It's about XM, money, and nothing's sacredIf you don't believe in worm holes or parallel universes, then you weren't in hearing room 2141 in the Rayburn Building on Wednesday. I kept waiting for Scotty to beam me up, or wondering when I was going to disappear in a swirl of paper like Harry Tuttle, heating engineer.
I realize that politics makes strange bedfellows, but here was David Rehr, chief of the National Association of Broadcasters, and Mark Cooper, the Consumer Federation of America's chief researcher, on the same side. What's more, they were fighting Sirius CEO Mel Karmazin, who had found an ally in Public Knowledge's Gigi Sohn.
It was eerie seeing these lions and lambs lying there together in front of God, Judiciary Committee Chairman John Conyers and everybody. I kept looking for the bumper sticker declaring the hearing room to be unoccupied in case of rapture.
I wasn't the only person who noticed, as a broadcast industry executive leaned over to me and whispered: "It's good to be on the side of the angels for once." Well, I'm not sure where the angels are, but in the battle broadcasters are waging against Sirius' $4.8 billion attempt to buy XM, no one is holy.
Everyone involved in these big mergers likes to talk about how much good their particular deal is for consumers, but we all know that's a bunch of crap. You know who these deals are good for? The money men. Whenever someone like Karmazin or Rehr starts talking about the "good" they're doing for the consumer, the consumer better button up his/her wallet.
They prance like dancing dogs in front of the lawmakers, trying to out-sincere each other. Why can't they be honest? What they want is money. The consumer is just a convenient pigeon.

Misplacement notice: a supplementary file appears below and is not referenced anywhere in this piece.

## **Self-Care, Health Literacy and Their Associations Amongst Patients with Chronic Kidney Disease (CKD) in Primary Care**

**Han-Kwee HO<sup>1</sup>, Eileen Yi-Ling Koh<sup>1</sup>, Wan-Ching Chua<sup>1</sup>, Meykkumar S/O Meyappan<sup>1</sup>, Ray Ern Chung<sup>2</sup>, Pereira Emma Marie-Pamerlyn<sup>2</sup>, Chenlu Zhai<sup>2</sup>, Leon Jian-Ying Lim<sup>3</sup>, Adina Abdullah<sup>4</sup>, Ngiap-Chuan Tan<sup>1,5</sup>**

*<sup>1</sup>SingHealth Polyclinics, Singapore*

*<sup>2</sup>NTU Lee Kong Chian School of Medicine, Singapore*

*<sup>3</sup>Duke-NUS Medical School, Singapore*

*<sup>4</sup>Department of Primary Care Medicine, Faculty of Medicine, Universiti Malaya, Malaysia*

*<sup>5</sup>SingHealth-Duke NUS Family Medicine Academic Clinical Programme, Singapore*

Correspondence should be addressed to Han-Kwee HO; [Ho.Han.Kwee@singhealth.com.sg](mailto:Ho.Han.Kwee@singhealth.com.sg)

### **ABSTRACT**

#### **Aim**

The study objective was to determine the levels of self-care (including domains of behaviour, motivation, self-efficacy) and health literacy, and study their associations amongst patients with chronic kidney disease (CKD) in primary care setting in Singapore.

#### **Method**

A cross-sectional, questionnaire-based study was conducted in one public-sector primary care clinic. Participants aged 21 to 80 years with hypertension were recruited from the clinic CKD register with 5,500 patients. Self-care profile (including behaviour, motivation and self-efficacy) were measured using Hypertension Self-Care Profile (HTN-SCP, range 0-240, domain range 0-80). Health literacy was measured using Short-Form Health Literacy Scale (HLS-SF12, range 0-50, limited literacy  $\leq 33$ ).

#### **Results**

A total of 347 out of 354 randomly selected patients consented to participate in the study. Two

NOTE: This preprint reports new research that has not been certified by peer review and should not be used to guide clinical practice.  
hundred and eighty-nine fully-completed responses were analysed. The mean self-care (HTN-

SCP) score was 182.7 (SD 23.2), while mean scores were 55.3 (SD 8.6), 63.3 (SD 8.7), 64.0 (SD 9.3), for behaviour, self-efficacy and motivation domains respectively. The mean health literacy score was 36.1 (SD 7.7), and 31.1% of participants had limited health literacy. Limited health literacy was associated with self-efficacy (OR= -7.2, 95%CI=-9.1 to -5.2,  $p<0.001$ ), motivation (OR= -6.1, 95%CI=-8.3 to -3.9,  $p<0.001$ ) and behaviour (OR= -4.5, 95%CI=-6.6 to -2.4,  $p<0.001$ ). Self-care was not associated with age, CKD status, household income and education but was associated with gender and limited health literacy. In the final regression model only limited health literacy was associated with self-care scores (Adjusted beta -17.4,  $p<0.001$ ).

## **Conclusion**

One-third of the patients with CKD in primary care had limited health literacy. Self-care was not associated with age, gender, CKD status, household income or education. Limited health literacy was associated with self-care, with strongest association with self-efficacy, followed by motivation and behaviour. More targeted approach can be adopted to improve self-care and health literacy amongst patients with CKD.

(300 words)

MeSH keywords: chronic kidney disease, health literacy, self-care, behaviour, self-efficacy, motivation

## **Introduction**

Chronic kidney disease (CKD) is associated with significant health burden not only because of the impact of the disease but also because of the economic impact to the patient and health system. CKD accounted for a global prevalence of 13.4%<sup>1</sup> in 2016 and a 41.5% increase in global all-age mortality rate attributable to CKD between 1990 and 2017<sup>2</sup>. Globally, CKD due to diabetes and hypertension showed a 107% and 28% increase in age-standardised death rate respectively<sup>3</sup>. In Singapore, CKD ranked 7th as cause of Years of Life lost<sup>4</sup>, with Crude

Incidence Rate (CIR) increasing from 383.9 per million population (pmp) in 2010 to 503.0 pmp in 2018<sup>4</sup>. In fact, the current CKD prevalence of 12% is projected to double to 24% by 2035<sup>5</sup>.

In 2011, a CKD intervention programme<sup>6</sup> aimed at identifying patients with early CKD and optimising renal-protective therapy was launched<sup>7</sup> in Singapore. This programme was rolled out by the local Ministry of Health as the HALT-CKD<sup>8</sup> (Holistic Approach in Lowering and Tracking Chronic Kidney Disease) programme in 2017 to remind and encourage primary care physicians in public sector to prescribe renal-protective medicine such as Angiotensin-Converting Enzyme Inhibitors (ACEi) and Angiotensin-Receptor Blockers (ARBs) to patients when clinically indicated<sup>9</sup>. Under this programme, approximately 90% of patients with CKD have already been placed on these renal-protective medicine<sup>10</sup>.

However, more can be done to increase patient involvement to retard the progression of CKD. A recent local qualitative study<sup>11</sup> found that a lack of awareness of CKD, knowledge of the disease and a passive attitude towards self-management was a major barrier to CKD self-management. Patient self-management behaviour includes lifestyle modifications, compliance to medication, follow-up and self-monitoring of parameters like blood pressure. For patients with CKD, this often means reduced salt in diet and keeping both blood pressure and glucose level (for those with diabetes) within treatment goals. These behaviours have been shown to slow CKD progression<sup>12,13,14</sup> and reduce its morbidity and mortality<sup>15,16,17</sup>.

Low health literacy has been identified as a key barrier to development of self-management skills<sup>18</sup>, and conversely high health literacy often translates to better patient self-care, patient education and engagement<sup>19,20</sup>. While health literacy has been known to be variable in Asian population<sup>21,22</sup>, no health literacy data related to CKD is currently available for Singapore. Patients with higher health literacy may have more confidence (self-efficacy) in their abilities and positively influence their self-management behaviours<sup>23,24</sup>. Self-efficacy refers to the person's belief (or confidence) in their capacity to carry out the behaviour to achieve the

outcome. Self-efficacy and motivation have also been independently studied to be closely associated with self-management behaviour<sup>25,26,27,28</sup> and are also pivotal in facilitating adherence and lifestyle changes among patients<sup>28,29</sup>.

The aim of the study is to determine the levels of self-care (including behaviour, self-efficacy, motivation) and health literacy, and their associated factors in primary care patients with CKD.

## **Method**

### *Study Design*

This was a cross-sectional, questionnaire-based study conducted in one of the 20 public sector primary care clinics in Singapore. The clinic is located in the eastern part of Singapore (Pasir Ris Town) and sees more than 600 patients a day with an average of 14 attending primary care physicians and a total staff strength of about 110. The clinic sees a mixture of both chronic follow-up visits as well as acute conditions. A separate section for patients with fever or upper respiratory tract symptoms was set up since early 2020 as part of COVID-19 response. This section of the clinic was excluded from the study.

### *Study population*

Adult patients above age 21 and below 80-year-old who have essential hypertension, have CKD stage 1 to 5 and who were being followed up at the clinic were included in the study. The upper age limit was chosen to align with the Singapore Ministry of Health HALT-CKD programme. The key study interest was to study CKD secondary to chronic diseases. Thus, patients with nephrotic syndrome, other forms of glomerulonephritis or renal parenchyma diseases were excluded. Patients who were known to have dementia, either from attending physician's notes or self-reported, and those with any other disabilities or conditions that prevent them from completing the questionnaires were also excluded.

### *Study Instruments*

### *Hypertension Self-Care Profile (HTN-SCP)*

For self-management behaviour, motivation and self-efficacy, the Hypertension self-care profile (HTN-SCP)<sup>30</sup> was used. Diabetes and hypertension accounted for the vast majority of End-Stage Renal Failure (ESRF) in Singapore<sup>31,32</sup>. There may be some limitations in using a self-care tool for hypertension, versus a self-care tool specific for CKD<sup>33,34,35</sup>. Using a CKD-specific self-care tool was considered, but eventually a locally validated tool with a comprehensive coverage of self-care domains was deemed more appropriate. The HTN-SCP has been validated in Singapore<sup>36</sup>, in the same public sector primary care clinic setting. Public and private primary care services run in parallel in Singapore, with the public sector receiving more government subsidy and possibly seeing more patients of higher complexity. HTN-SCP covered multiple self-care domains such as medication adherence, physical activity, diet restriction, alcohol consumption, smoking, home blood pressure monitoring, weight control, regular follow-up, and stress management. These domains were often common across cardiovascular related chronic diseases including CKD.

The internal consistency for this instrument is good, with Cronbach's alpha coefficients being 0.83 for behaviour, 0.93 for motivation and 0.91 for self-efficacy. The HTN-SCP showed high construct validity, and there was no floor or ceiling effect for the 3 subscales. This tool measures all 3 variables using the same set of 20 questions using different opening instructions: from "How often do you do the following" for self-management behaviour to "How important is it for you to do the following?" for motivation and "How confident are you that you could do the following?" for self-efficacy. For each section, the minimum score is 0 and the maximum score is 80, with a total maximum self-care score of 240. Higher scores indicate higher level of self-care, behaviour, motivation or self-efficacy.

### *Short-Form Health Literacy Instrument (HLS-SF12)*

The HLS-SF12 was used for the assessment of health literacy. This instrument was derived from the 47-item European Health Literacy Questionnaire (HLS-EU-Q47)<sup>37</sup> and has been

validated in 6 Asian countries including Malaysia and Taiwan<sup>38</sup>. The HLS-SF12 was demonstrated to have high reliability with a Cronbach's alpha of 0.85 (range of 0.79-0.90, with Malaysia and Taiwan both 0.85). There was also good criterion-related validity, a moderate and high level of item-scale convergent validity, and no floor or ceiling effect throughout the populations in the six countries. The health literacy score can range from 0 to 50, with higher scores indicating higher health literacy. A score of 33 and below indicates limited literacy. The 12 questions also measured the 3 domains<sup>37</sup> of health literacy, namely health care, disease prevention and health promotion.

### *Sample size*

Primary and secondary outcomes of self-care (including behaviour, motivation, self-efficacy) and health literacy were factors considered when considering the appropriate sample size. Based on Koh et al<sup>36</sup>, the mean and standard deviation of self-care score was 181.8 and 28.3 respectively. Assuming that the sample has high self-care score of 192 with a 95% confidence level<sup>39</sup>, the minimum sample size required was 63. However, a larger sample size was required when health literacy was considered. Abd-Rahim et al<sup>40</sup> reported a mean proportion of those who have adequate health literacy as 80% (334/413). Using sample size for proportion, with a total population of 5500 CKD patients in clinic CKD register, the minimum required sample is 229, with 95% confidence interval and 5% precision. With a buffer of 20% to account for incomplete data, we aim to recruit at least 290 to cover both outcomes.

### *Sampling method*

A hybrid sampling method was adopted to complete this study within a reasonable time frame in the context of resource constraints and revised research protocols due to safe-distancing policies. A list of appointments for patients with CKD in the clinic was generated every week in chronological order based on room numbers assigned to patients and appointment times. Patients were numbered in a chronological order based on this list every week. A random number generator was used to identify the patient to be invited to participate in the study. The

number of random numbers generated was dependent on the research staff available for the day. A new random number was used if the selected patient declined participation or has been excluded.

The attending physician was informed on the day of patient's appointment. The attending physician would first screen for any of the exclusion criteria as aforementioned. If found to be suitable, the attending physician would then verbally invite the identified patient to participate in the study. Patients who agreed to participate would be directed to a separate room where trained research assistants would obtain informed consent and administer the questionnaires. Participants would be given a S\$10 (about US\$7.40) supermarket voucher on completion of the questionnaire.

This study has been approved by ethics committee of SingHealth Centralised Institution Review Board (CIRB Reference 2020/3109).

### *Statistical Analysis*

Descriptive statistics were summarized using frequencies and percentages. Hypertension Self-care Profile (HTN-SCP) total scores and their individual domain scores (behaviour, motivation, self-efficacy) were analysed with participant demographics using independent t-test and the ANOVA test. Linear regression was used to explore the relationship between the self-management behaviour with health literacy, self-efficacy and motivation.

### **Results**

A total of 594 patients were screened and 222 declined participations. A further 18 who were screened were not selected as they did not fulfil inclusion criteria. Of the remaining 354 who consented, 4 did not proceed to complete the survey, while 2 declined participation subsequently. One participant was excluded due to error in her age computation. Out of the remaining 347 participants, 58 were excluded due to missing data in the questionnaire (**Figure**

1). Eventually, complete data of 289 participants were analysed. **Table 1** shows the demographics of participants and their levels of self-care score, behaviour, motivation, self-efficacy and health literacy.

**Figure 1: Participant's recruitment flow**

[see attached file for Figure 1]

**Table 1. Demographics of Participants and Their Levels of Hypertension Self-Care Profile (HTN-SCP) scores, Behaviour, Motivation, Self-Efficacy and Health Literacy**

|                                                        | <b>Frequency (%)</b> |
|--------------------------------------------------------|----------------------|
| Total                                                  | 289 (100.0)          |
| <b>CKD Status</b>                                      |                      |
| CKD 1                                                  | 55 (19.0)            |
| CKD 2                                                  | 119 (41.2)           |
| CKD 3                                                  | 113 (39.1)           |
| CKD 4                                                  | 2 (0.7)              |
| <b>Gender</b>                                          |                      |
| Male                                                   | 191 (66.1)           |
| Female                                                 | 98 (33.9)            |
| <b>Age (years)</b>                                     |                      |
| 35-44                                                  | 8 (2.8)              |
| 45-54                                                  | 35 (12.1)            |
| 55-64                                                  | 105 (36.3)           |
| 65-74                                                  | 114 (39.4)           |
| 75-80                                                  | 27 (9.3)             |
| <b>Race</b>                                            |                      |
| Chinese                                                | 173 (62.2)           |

Now, there's nothing wrong with that. This is a capitalist country, after all. It gets sickening to hear them act like their businesses are the Red Cross or Salvation Army.
I love XM. On a family trip to my hometown, my wife and I realized we forgot the XM unit. We were nearly all the way around the Beltway when we turned back. The detour added at least an hour to a 13-hour drive. But we'd rather have added the time than face a day on I-85 without it.
I also love broadcasting. The entire history of what is a vast American technological achievement is underappreciated. I took my college receiver out of the attic the other day. It still works. I can't say that about a 5-year-old computer. Oh yeah, the programming is free.
Karmazin says he won't raise the price of the XM service for some time. He wouldn't commit to how long, despite prodding from lawmakers. Why? Because as a good capitalist, he wants that period to be as short as possible.
He claims that the "synergies" created by the deal will keep prices down. I'm not sure what a synergy is. Every time a merger goes through, it seems to me the synergies come in a flurry of pink slips.
I thought about that as I rode the Metro into work last week. I could see the XM building as the train pulled into the New York Avenue stop. It's a new stop. An agreement to build the stop was one of the reasons XM built its facility in an old warehouse in the District. That was a good thing.
I wonder about the people there. How many will still be getting on and off here if the deal goes through? Will my favorite deejays still be on the air? Or will they end up dispersed by the wind like my old friend Harry?